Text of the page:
## Tuesday, September 22, 2009

### Google Chrome (Chromium) for RHEL (CentOS) 5

For a long time, I've kept a Windows machine for Remote Desktop access that I use just so that I can use Google Chrome. The reason is that editing Google Sites pages, for example, drags Firefox 3.5 and Opera 10 to a slow crawl. And Firefox 3.5 on Linux (since beta2) crashes my X11 server because the video driver (xorg-intel) is old and buggy. But I've long wished to abandon Windows altogether. I share the Windows machine with another graduate student, and the Windows Server 2003 license for that computer restricts two remote desktop connections. This is surely absurd for me as a Linux user because I've along accustomed to unlimited number of connections (subject only to resource availability as opposed to artificial license restriction). Granted, I could have used VNC, but it's not as responsive.

It is currently not my best interest to figure out how to compile Chrome from scratch (they appear to be using some gclient custom build tools). However, the precompiled binary snapshots require more recent versions of FreeType, Gtk+, and NSS (network security service, as part of Mozilla) than that available on BU Linux (which is a RHEL/CentOS 5 derivative).

Compiling Gtk+ is a nightmare because of the sheer number of dependencies. Here I'm listing the packages I need. The listing format is "target: dependencies"
• gtk+: atk glib cairo pango jasper fontconfig
• pango: cairo freetype glib
• cairo: libpng freetype pixman fontconfig
• fontconfig: freetype
• atk: glib
• glib:
• libpng:
• freetype:
• pixman:
• jasper:
The order listed above is in reverse topological order. I just put them in a Makefile and let make figure out the order for me. Fortunately, these packages are standard GNU autoconf/automake based. You will have to set export variables as follows:
• PREFIX := ... # you pick a convenient location
• export CFLAGS := ... # you pick the compilation options, e.g. -march=i686 -O3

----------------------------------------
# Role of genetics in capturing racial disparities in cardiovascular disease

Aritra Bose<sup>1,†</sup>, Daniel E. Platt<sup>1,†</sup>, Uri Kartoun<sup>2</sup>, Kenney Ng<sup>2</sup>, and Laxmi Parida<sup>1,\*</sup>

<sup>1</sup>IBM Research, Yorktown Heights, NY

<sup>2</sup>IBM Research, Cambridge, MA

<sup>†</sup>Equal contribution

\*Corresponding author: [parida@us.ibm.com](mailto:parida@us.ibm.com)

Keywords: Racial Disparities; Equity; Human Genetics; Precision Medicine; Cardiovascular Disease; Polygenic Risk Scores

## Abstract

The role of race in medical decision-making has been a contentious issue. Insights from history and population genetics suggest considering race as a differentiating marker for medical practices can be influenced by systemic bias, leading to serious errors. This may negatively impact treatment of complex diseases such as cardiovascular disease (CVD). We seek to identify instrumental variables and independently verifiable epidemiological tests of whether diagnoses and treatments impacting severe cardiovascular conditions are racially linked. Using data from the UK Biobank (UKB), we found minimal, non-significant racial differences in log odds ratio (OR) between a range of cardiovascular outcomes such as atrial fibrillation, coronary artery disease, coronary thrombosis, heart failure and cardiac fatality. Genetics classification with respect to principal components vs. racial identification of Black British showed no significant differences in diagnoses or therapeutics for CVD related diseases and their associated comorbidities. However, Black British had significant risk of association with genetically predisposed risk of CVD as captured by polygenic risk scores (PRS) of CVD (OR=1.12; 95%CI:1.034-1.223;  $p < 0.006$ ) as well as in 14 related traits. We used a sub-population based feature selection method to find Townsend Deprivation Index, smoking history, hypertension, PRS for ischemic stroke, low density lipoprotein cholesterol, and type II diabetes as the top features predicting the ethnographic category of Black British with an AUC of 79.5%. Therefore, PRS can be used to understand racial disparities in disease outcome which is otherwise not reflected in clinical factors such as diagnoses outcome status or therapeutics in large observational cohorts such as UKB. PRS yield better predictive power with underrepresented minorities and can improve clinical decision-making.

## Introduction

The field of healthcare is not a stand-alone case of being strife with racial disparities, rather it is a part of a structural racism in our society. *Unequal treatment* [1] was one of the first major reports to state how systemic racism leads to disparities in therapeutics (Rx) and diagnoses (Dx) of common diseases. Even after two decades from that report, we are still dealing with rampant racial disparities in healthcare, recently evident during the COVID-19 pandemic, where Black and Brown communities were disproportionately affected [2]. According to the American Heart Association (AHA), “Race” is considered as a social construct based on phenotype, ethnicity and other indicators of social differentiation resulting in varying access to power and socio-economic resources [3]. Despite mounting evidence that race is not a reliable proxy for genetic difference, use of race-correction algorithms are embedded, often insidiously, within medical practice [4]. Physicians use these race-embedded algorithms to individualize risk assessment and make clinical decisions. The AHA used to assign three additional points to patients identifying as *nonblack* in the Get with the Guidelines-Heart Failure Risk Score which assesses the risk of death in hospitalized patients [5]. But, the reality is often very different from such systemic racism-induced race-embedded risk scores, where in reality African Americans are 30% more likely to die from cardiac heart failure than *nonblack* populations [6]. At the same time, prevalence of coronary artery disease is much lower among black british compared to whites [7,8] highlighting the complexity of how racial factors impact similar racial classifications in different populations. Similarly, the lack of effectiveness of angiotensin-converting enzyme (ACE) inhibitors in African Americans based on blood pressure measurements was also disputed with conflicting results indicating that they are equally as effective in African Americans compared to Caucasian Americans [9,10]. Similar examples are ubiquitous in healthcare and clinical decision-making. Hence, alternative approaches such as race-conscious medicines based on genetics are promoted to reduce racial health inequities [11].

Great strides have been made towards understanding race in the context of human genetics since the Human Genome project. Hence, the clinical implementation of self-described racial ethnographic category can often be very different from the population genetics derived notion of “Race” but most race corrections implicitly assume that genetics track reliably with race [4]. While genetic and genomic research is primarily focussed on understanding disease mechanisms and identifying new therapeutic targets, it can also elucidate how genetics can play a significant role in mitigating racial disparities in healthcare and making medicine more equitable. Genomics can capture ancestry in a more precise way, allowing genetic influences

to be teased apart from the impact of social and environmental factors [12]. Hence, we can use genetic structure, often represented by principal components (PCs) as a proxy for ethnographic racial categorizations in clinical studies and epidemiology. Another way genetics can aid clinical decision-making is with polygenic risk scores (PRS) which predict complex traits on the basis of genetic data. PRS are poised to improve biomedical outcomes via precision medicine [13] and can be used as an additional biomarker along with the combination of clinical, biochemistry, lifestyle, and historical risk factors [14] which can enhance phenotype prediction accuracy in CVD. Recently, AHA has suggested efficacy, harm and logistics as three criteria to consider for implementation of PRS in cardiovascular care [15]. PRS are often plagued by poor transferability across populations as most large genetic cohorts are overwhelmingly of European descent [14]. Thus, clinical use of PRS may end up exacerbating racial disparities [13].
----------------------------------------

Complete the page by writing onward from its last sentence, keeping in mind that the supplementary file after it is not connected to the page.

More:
• export CPPFLAGS := -I$(PREFIX)/include • export LDFLAGS := -L$(PREFIX)/lib
• export PKG_CONFIG_LIBDIR := $(PREFIX)/lib/pkgconfig • export PATH :=$(PREFIX)/bin:$(PATH) • export LD_LIBRARY_PATH :=$(PREFIX)/lib
You will have to run configure with --prefix=$(PREFIX), and then run make and make install inside your Makefile. I also wrote a script to essentially do the following. This will be left as an exercise to the reader. • Given a target name like gtk+, locate the source package tar.gz and unpack it. • Make a new object files directory and run the configure script there as the current working directory. If the build fails, you can just remove the object directory to get a clean slate, instead of needing to unpack the source files again. • Do the traditional make and make install. • Touch the target as a file, so make doesn't have to repeat building and installing a target if it already succeeded. Each rule in the Makefile would look like this: # Assuming the build script is called build.sh in the current directory. BUILD := ./build.sh gtk+: export LDFLAGS := -lm # for jasper gtk+: atk glib cairo pango jasper fontconfig$(BUILD) \$@
On the other hand, NSS has its own build instruction, so I did it manually. The resulting nss shared objects must be symlinked in a particular way:
• Add ".1d" suffix: libnss3, libnssutil3, libsmime3, libssl3.
• Add ".0d" suffix: libplds4, libplc4, libnspr4.
I imagine that's Ubuntu/Debian convention.

I also compiled my own gcc 4.3/4.4, and without a recent gcc and libstdc++.so.6, you will get a dynamic linking error with the symbol GLIBCXX_X_Y_Z.